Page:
Dental Exam Went Well? Thank Fluoride
I admit to being jealous of my sons for growing up in a time when vaccines spared them miseries like the measles, mumps and polio scares that marred my childhood. But I’m most envious of their freedom from the dental decay that forced me to spend countless miserable hours with my mouth propped open while the dentist did his best to stay on top of rapidly rotting teeth.
By my mid-20s, I had already lost one molar and all four wisdom teeth, and every remaining molar had been restored with fillings.
It’s not that I failed to brush my teeth or that I noshed constantly on sweets. It’s that my teeth lacked the protection of fluoride, which was introduced to New York City’s water supply in 1964, five years before my twin sons were born but 23 years too late for me.
The Centers for Disease Control and Prevention calls fluoridation one of the 10 most valuable public health measures of the 20th century. In the early years, rates of tooth decay among the young dropped by 60 percent in communities that adopted fluoridation. My sons, who consumed fluoridated water in reconstituted milk and orange juice as well as in tap water, completed childhood with not one cavity.
Eventually, 70 percent of the country’s towns and cities adopted this measure, at an annual cost that today ranges from 95 cents to as much as $10 per person, depending on the size of the community. And even though it may have diminished the fortunes of the dental community, the American Dental Association, as well as most national and international health agencies, endorsed fluoridation without reservation.
In the years since, fluorides have been proved to reduce the rate of tooth decay in adults as well as in children. Older adults whose exposed tooth roots are highly susceptible to decay have particularly benefited.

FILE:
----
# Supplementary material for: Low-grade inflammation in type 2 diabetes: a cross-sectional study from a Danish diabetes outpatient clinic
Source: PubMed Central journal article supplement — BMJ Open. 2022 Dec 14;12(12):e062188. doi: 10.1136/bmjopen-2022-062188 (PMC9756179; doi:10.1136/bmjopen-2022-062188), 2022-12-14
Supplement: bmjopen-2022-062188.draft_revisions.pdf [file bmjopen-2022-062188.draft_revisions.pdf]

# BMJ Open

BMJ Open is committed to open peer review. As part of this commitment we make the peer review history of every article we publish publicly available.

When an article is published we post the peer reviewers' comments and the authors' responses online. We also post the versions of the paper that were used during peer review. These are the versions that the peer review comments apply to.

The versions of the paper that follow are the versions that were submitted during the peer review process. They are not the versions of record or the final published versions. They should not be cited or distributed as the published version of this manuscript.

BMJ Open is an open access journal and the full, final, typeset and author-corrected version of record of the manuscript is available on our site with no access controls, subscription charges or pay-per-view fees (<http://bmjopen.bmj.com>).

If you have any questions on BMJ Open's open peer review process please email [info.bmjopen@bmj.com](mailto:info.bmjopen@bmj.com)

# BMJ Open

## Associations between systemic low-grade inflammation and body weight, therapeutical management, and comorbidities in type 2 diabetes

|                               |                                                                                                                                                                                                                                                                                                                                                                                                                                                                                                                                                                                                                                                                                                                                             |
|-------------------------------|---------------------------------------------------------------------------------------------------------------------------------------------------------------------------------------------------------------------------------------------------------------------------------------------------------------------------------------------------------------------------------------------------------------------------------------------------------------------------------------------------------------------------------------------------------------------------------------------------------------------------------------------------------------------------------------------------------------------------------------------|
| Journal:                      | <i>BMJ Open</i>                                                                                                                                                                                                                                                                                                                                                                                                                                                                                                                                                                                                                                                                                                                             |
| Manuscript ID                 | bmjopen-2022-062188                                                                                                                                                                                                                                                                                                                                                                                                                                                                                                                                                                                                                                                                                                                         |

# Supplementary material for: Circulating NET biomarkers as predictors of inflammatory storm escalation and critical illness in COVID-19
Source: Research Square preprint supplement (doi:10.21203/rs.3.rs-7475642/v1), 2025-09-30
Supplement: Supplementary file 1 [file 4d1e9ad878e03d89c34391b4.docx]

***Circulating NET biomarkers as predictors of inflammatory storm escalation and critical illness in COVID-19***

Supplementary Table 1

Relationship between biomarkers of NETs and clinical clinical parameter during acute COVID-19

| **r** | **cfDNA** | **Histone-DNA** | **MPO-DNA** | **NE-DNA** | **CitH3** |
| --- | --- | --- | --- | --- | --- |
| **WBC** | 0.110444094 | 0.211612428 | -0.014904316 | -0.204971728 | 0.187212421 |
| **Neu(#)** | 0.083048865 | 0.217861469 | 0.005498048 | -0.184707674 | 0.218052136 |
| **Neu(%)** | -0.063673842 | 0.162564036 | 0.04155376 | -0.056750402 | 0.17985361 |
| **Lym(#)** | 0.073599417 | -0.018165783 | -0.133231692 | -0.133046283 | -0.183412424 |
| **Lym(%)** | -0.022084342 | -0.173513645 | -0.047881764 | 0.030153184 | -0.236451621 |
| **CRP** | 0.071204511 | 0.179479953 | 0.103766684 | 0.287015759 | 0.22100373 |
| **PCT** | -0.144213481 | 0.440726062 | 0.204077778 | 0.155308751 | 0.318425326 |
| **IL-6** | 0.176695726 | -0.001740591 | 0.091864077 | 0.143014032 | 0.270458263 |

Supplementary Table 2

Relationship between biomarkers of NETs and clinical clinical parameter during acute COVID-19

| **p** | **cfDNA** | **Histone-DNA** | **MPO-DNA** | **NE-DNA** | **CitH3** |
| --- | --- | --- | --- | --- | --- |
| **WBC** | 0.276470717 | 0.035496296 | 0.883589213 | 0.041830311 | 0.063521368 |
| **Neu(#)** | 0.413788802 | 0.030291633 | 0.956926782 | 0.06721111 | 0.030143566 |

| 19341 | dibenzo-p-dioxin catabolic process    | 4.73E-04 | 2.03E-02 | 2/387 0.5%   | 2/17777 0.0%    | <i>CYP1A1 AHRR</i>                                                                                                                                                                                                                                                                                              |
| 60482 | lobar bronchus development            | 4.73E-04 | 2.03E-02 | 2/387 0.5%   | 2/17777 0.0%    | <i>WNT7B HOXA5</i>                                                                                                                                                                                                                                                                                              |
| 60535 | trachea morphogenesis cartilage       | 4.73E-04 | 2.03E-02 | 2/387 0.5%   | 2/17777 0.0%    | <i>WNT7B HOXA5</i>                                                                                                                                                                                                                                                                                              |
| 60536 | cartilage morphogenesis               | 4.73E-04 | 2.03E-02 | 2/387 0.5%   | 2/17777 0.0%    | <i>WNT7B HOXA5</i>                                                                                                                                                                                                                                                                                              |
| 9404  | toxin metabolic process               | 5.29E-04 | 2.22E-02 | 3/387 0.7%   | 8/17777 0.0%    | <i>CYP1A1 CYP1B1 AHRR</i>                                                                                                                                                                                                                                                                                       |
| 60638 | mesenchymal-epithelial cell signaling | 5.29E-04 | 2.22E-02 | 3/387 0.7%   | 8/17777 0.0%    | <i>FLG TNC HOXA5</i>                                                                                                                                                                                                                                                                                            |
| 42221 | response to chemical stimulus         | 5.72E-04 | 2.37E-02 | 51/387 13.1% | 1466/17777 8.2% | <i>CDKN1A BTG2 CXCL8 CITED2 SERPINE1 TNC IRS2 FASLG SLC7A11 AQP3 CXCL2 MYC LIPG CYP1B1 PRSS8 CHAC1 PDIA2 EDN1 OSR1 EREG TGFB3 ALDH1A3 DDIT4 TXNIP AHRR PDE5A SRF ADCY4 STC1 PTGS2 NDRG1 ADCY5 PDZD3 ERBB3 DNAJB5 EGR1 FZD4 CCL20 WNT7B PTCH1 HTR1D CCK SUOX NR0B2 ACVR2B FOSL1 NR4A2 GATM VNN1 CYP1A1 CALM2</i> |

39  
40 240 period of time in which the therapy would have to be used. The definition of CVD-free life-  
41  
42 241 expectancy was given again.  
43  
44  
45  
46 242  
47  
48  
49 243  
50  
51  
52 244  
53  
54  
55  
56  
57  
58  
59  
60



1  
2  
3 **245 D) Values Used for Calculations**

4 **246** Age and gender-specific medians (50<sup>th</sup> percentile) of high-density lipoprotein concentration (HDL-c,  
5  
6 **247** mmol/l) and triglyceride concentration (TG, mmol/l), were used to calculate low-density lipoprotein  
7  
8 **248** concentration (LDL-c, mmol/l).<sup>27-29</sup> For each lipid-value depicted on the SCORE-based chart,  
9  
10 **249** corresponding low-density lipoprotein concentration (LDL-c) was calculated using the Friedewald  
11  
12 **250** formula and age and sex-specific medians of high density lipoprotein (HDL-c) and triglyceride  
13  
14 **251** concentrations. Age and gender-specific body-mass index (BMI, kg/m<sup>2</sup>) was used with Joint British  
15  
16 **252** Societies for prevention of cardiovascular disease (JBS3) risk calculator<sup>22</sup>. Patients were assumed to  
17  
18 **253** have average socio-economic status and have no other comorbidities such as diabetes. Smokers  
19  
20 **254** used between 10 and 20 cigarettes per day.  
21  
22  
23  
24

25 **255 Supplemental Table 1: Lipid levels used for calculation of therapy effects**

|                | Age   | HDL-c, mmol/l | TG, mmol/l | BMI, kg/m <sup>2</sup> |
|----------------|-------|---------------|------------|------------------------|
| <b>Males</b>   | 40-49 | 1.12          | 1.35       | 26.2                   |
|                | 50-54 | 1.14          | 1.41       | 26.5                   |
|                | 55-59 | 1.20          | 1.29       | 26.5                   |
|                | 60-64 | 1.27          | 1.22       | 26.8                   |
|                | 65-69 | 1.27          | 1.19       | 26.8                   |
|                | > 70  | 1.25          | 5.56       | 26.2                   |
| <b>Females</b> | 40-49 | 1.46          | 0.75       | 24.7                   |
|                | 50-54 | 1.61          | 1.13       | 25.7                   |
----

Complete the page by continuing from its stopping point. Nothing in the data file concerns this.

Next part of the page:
The Diffusion Effect
It didn’t take long for commercial interests to hop on the fluoride bandwagon, introducing toothpastes and mouthwashes with fluoride, along with professionally prescribed fluoride tablets and drops, gels and varnishes. In addition, through the so-called diffusion effect, people living in communities without fluoridated water wind up consuming it in drinks and foods prepared elsewhere.
Together, these secondary effects have diminished the benefit that can be attributed directly to fluoridated water supplies to a reduction in tooth decay of about 25 to 40 percent. Still, the cost-to-benefit ratio remains strongly in favor of fluoridation.
Every $1 invested in fluoridation saves approximately $38 in dental treatment costs, according to the C.D.C. The cost of a single filling averages $140, and that’s only the beginning. Through the years, a filled tooth is likely to require further repairs and maybe even extraction and replacement with a bridge or implant costing thousands of dollars.
None of this, however, has quelled the controversy over the safety of fluoridation, which dates back to the first studies in the 1940s. In addition to being labeled a Communist plot and an unconstitutional form of mass medication, fluoridation has been accused of causing a host of medical horrors: heart disease, cancer, Down syndrome, AIDS, allergies, Alzheimer’s disease, mental retardation, osteoporosis and fractures, among others.
None of these supposed risks has ever been established in scientifically valid studies. The only proven risk, a condition called fluorosis, which results in white and sometimes brownish markings on the teeth from too much fluoride, rarely results from a normal intake of fluoridated water.